Thumbing his nose at President Obama, Texas's Republican Governor Rick Perry allowed the Thursday evening execution of a Mexican national, even though the action violated U.S. treaty obligations under the 1963 Vienna Convention on Consular Relations to U.S. states.
The Vienna Convention stipulates, among other things, that citizens of one country arrested in another have the right to consult, "without delay," with their own country's consulate, and to be so informed of that right by the arresting authority. If the arrested person so requests, the police must take the initiative by, for example, faxing pertinent information to the prisoner's consulate.
Yet for years, state governments, especially that of Texas, have simply ignored the Vienna Convention, and neither allowed arrested foreigners to contact their consulates nor informed them of their right to do so. In Texas currently, there are reportedly about 17 citizens of Mexico awaiting execution in state prisons, who have been denied their rights under the Convention. One of them was Humberto Leal Garcia, the man executed by lethal injection on Thursday night. Leal, who was brought to the United States without papers as a baby, was convicted of assaulting and murdering a 16-year-old girl, Adria Sauceda, in 1994, while he was under the influence of drugs and alcohol. He asserted, through attorneys, that he would not have been convicted, let alone sentenced to death, had he been informed of his rights, and had he been able to coordinate his defense with the Mexican consulate. However, before he was executed he took responsibility for the murder and apologized to the victim's family.
We have been through this before. During the 1990s, Texas similarly asserted that the Vienna Convention did not to apply to foreign citizens on its death row, because although Congress approved the Vienna Convention, which thus became part of the U.S. "law of the land", it never passed specific legislation ordering state governments to comply with the treaty. However, various comments by Perry and supporters raise doubts as to whether Texas recognizes that international treaties signed by the United States are binding in Texas at all. The ultra right has been claiming that the existence of such treaties constitutes foreign interference in U.S. judicial proceedings. It is perhaps not irrelevant that Perry is considering running for the Republican nomination for president in 2011, on a fierce "law and order" platform.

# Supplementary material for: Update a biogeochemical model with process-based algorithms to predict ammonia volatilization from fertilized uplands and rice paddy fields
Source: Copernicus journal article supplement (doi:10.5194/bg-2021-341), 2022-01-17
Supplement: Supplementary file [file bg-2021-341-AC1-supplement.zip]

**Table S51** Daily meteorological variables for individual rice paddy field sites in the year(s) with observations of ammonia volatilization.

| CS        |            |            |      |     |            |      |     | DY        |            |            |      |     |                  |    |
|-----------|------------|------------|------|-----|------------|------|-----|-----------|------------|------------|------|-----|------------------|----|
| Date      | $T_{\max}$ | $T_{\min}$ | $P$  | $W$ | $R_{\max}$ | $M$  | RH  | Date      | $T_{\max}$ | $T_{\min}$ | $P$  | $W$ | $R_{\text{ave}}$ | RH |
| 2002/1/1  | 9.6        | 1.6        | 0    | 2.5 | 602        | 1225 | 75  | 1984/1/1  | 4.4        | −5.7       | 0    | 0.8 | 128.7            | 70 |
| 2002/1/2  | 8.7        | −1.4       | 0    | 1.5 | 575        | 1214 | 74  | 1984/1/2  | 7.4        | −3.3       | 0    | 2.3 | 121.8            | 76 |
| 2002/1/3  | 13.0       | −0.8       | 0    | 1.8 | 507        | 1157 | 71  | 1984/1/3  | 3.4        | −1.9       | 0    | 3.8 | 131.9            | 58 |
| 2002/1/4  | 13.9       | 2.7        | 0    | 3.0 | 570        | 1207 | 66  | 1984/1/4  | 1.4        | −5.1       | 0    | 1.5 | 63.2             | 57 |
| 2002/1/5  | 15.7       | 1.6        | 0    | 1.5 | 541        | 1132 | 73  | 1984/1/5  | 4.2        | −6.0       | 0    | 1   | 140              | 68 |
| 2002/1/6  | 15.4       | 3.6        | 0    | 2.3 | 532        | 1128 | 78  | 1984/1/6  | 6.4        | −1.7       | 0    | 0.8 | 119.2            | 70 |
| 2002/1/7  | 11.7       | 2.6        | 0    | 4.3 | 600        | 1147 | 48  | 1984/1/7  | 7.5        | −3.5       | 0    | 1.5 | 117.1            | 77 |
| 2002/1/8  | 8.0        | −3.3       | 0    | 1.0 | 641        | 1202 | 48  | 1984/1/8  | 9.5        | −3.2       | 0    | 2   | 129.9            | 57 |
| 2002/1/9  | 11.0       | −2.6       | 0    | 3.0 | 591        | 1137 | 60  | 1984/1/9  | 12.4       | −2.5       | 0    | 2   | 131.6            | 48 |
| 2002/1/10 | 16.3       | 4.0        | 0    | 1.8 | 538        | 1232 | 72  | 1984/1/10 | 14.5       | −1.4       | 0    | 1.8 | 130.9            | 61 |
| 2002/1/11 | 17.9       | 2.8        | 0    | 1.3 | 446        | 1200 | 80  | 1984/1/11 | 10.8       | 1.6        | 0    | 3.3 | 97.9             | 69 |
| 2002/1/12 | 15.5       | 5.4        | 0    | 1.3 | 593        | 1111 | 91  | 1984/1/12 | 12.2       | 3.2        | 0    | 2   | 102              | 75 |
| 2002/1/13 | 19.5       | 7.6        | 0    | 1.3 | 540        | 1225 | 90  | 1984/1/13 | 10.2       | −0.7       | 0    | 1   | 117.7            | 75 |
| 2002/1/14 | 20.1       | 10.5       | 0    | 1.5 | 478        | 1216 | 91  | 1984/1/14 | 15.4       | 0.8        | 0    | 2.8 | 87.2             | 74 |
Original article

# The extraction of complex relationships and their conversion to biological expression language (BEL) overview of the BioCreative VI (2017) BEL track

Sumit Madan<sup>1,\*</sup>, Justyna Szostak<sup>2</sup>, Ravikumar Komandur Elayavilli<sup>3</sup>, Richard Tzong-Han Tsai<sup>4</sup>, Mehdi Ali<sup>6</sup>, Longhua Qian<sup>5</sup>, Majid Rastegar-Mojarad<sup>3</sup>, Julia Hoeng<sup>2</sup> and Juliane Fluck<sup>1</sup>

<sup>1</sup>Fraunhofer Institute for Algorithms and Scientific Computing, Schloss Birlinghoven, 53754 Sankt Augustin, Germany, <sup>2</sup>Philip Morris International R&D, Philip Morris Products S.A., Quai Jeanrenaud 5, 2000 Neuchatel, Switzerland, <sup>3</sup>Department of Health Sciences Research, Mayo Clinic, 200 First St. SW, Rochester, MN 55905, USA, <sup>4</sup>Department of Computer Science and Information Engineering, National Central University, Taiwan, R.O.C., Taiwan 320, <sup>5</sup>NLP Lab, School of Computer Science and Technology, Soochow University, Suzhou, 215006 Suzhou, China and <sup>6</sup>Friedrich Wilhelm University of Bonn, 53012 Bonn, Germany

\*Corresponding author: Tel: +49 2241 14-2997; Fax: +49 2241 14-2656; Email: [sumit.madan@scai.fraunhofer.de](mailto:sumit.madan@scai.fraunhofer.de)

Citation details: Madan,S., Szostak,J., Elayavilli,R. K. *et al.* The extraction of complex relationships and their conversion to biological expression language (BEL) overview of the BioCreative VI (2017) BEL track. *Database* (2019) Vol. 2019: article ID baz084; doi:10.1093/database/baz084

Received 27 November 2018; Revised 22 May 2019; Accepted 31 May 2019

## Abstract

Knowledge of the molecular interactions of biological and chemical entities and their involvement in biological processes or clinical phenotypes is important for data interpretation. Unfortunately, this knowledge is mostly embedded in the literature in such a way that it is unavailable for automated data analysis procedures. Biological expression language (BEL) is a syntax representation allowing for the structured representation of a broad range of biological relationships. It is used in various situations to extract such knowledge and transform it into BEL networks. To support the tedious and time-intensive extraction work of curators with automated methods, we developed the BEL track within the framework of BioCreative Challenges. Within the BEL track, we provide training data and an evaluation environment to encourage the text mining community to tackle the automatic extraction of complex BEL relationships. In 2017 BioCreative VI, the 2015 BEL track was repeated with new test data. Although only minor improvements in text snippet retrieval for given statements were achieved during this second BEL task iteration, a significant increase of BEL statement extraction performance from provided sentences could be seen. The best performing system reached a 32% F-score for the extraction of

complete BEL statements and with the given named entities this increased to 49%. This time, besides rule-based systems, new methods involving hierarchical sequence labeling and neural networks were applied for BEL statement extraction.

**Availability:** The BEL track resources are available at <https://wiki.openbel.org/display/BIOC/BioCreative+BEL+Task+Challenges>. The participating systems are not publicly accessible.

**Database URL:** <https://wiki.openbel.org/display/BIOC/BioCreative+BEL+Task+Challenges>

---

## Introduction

Even former President George W. Bush, after some time, tried to push Texas to comply with its obligations under the Vienna Convention. He came to understand that the Convention does not only protect foreign citizens arrested in the United States, but also U.S. citizens arrested abroad. Indeed it is notorious how quickly Americans arrested in Mexico and other places shout, "I demand to talk to the American consulate." And they are generally granted that right, which Perry seeks to unilaterally deny to foreigners arrested in his state.
The case during the Bush administration eventually ended up before the U.S. Supreme Court, which, reflecting its right-wing majority, ruled in 2008 in favor of Texas, i.e. that Texas authorities do not have to obey the Vienna Convention because Congress failed to pass legislation ordering them to do so. Likewise evidence obtained in cases in which consular contact was denied cannot be suppressed because of the violation of the Convention. By this logic, only federal prisoners have to be given their rights under Vienna, and they are a small minority of foreigners arrested in the United States each year. Other signatory countries do not assert such claims.
Obama asked the Supreme Court to delay the execution while Congress considers legislation, introduced by Senator Patrick Leahy, D-Vt., positively ordering state governments to comply with the Vienna Convention.
Numerous public figures, including military officers, asked Perry to stay the execution, the latter because U.S. military personnel serving overseas could be subjected to unfair prosecution should the U.S. be deemed to have waived participation in the pact. However, the Supreme Court, by a 5 to 4 margin, refused to grant the stay and Perry allowed the execution to proceed, the latest of about 200 executions carried out in Texas under his watch.
Corrected 7/19/11: Due to an editing error, an earlier version of this article greatly overstated the number of Mexican citizens awaiting execution in Texas. The figure has been corrected in this version. We apologize for the error.